|Birthname||Mary Jane West|
|born on||17 August 1892 at 22:30 (= 10:30 PM )|
|Place||Brooklyn (Kings County), New York, 40n38, 73w56|
|Timezone||EST h5w (is standard time)|
|Astrology data||25°36' 02°38 Asc. 25°07'|
American stage and film actress with regal postures, delightful wit and insinuation and whose sexy quips have remained as a humorous part of our language. Actually, she never disrobed or used any profanity in her 15 plays and 11 movies. She wrote, produced and starred in her own shows featuring a frank, ironic view of sexuality and became an American icon. She usually portrayed women of dubious virtue with flippant humor. Writing her own material, she created one-liners that became part of the American lexicon, such as "Is that a gun in your pocket or are you glad to see me?" This was during a time when the word "pregnant" could not be used in public and books we now regard as classics were banned as obscene, such as Leaves of Grass, Lady Chatterley’s Lover, Gone With the Wind and even Jimmy Stewart’s kiss was left on the cutting-room floor of "It’s a Wonderful Life."
Mae West was born in Brooklyn, New York to a onetime prizefighter and his wife, a former corset and fashion model who had come to the U.S. from Bavaria. She has a younger sister and a younger brother. West’s earliest memory was of "her mother massaging her with baby oil." Her mother pushed her onto the stage at the age of six as the Baby Vamp, and she began her career singing in lodge halls. She made her stage debut with a Brooklyn stock company about 1901. By 1907 she was performing on the national vaudeville circuit with Frank Wallace. Her first Broadway appearance was in the revue "A la Broadway and Hello, Paris" on 09/22/1911. She continued to alternate between Broadway and vaudeville, with an occasional nightclub act, for the next 15 years. Married briefly to Wallace in 1910, she promptly left him to appear in Follies Bergere, moving on to Hollywood and films. She never allowed herself to be dependent on a man, financially or otherwise.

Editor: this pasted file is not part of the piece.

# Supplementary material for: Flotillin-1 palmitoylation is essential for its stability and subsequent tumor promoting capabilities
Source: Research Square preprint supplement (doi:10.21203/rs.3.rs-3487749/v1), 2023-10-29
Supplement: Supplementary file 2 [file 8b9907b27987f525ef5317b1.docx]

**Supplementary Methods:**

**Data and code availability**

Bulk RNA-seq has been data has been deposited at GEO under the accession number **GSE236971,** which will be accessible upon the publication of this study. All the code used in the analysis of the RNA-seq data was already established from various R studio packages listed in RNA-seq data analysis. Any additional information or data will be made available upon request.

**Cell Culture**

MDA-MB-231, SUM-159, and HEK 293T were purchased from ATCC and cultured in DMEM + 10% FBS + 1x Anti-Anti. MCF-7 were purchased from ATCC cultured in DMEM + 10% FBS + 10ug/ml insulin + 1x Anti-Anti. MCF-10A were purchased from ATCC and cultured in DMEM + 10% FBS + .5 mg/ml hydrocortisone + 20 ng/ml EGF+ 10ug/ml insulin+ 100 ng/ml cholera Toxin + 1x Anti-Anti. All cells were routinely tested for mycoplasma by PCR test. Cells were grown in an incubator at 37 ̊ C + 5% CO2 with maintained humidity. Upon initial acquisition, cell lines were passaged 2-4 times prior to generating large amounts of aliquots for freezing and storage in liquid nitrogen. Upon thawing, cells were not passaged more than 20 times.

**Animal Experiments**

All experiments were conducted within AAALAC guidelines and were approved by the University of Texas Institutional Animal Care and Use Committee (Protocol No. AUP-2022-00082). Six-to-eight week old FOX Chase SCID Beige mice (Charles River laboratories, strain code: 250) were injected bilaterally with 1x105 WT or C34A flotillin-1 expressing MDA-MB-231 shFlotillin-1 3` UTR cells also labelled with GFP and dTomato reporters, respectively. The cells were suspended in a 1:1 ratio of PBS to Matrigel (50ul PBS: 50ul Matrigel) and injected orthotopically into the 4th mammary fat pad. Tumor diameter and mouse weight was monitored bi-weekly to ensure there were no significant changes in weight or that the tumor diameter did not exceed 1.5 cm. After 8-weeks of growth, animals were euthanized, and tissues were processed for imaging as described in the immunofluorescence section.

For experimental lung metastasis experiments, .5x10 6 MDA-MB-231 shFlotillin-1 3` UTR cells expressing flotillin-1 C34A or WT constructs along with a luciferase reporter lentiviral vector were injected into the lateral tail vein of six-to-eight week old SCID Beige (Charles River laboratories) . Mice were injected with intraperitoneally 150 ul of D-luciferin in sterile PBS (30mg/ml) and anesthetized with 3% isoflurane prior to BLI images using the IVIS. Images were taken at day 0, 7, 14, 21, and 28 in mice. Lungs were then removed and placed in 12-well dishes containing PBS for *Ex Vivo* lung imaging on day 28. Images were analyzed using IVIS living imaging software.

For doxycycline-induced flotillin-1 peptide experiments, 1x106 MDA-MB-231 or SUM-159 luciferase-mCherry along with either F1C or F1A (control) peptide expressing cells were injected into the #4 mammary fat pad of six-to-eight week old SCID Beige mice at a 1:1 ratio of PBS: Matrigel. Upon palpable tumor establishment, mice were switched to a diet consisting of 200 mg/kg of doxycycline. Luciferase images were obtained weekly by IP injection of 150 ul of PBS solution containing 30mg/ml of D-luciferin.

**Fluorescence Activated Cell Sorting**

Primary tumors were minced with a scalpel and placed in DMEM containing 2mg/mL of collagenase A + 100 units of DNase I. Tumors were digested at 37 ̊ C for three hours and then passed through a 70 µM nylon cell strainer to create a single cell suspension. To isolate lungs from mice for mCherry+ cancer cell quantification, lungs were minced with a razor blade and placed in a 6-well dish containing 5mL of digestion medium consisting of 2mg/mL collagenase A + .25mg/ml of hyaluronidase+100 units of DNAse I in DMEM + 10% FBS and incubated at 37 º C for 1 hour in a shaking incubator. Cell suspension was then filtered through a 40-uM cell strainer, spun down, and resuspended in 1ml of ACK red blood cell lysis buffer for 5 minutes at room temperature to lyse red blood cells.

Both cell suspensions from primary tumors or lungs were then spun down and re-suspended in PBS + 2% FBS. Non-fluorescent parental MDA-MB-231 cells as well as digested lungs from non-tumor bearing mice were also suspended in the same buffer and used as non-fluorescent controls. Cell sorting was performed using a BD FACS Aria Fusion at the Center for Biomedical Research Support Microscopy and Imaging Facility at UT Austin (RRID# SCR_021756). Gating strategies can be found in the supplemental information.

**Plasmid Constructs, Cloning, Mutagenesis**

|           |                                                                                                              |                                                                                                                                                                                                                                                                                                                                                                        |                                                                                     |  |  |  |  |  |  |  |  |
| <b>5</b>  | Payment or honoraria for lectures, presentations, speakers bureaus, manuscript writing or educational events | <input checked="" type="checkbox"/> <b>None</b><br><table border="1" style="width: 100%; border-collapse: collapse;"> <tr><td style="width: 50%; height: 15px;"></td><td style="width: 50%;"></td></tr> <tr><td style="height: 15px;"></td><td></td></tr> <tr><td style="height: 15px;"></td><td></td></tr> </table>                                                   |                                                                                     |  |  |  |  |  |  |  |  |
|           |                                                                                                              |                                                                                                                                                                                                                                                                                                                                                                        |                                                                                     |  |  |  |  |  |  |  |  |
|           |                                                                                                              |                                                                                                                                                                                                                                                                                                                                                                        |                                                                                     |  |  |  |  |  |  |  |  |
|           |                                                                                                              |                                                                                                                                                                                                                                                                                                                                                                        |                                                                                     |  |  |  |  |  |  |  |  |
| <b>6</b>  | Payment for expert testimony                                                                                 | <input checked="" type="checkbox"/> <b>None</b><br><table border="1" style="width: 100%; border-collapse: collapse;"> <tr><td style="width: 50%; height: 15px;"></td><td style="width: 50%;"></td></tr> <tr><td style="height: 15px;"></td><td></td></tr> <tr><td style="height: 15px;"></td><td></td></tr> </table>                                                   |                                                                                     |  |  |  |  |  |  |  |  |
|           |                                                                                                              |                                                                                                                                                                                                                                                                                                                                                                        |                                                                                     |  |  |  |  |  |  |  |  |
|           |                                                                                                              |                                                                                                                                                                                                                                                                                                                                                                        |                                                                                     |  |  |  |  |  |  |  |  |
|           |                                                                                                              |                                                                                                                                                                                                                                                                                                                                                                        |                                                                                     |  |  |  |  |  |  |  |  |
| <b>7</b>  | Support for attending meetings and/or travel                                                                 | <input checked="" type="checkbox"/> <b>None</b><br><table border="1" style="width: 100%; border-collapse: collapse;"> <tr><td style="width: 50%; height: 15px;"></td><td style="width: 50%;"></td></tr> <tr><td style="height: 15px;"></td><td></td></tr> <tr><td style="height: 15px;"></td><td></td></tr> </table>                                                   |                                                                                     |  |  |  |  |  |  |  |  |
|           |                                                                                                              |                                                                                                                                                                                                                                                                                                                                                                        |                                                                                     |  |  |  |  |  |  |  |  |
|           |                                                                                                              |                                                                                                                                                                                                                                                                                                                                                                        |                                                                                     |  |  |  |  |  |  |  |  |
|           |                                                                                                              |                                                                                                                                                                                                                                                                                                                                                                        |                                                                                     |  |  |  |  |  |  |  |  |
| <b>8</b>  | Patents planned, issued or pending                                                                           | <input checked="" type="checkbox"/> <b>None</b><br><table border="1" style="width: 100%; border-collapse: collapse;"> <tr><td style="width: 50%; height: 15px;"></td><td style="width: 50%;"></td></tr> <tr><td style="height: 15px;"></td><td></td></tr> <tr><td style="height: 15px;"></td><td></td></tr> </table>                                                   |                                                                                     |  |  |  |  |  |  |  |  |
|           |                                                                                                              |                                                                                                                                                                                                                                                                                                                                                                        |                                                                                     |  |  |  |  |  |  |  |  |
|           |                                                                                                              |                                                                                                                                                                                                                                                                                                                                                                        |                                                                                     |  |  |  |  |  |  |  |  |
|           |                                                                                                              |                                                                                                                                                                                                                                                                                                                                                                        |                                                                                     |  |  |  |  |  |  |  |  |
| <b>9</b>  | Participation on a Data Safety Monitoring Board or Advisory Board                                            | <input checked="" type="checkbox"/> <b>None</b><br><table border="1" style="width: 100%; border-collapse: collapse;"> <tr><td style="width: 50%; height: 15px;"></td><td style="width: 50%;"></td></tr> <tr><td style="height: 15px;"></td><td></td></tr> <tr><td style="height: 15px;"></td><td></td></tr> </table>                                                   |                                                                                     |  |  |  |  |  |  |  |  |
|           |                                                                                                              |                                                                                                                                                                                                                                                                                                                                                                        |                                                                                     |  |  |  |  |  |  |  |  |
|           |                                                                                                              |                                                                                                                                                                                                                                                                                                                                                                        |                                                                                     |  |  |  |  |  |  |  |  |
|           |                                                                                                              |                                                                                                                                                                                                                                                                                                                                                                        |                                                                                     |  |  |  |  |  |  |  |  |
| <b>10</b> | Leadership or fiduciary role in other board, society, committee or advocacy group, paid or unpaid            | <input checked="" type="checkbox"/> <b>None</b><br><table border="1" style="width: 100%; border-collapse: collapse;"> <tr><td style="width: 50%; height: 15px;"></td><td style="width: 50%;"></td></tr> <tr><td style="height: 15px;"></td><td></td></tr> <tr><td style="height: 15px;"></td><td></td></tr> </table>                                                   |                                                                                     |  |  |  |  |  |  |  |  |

Mae West was born for fur coats, diamonds and long gowns to flatter her five-foot height. She had flawless skin and intense blue eyes with dagger-length false lashes and highly sensual lips. Her exquisitely shaped and youthful hands were her most remarkable feature. In 1926 she began to write, produce and star in her own plays on Broadway. Her first, "Sex," opened on 4/26/1926 and featured West as a prostitute. The play created a sensation and earned her an eight-day jail sentence for "corrupting the morals of youth." She emerged as a national figure. "Diamond Lil," 1928 and "The Constant Sinner." 1931 were also successful.